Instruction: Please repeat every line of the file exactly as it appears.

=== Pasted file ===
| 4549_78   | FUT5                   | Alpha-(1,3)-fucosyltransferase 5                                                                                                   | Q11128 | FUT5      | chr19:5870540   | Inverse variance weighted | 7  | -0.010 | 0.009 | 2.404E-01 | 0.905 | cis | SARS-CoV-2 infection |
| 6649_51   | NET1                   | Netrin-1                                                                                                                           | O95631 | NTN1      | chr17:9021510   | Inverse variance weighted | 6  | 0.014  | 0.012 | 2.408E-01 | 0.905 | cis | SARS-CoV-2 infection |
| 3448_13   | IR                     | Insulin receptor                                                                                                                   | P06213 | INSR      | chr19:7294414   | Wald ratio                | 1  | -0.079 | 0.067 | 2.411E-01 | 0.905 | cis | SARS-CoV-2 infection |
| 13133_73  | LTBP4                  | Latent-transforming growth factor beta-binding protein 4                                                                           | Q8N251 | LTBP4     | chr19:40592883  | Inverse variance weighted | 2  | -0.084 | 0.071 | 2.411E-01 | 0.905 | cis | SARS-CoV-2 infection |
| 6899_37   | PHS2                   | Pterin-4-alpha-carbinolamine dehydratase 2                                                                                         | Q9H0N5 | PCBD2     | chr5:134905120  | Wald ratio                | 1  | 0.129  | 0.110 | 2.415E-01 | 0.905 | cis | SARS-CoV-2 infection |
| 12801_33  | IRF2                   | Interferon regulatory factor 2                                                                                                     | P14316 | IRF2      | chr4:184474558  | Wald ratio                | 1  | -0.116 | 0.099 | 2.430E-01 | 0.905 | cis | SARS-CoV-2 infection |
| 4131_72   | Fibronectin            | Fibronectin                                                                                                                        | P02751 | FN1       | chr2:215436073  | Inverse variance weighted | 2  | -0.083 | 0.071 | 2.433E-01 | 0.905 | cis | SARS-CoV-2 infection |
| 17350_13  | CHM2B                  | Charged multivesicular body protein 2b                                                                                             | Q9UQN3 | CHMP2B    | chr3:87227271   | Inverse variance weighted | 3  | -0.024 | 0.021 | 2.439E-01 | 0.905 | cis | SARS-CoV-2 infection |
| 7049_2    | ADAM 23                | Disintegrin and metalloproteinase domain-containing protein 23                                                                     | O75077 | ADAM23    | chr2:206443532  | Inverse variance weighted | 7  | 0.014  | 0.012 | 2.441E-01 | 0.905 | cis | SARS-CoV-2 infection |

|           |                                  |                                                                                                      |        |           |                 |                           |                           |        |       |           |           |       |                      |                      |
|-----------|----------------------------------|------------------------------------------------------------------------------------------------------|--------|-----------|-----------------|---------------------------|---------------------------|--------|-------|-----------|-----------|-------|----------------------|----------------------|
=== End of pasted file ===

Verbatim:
| 4549_78   | FUT5                   | Alpha-(1,3)-fucosyltransferase 5                                                                                                   | Q11128 | FUT5      | chr19:5870540   | Inverse variance weighted | 7  | -0.010 | 0.009 | 2.404E-01 | 0.905 | cis | SARS-CoV-2 infection |
| 6649_51   | NET1                   | Netrin-1                                                                                                                           | O95631 | NTN1      | chr17:9021510   | Inverse variance weighted | 6  | 0.014  | 0.012 | 2.408E-01 | 0.905 | cis | SARS-CoV-2 infection |
| 3448_13   | IR                     | Insulin receptor                                                                                                                   | P06213 | INSR      | chr19:7294414   | Wald ratio                | 1  | -0.079 | 0.067 | 2.411E-01 | 0.905 | cis | SARS-CoV-2 infection |
| 13133_73  | LTBP4                  | Latent-transforming growth factor beta-binding protein 4                                                                           | Q8N251 | LTBP4     | chr19:40592883  | Inverse variance weighted | 2  | -0.084 | 0.071 | 2.411E-01 | 0.905 | cis | SARS-CoV-2 infection |
| 6899_37   | PHS2                   | Pterin-4-alpha-carbinolamine dehydratase 2                                                                                         | Q9H0N5 | PCBD2     | chr5:134905120  | Wald ratio                | 1  | 0.129  | 0.110 | 2.415E-01 | 0.905 | cis | SARS-CoV-2 infection |
| 12801_33  | IRF2                   | Interferon regulatory factor 2                                                                                                     | P14316 | IRF2      | chr4:184474558  | Wald ratio                | 1  | -0.116 | 0.099 | 2.430E-01 | 0.905 | cis | SARS-CoV-2 infection |
| 4131_72   | Fibronectin            | Fibronectin                                                                                                                        | P02751 | FN1       | chr2:215436073  | Inverse variance weighted | 2  | -0.083 | 0.071 | 2.433E-01 | 0.905 | cis | SARS-CoV-2 infection |
| 17350_13  | CHM2B                  | Charged multivesicular body protein 2b                                                                                             | Q9UQN3 | CHMP2B    | chr3:87227271   | Inverse variance weighted | 3  | -0.024 | 0.021 | 2.439E-01 | 0.905 | cis | SARS-CoV-2 infection |
| 7049_2    | ADAM 23                | Disintegrin and metalloproteinase domain-containing protein 23                                                                     | O75077 | ADAM23    | chr2:206443532  | Inverse variance weighted | 7  | 0.014  | 0.012 | 2.441E-01 | 0.905 | cis | SARS-CoV-2 infection |

|           |                                  |                                                                                                      |        |           |                 |                           |                           |        |       |           |           |       |                      |                      |
|-----------|----------------------------------|------------------------------------------------------------------------------------------------------|--------|-----------|-----------------|---------------------------|---------------------------|--------|-------|-----------|-----------|-------|----------------------|----------------------|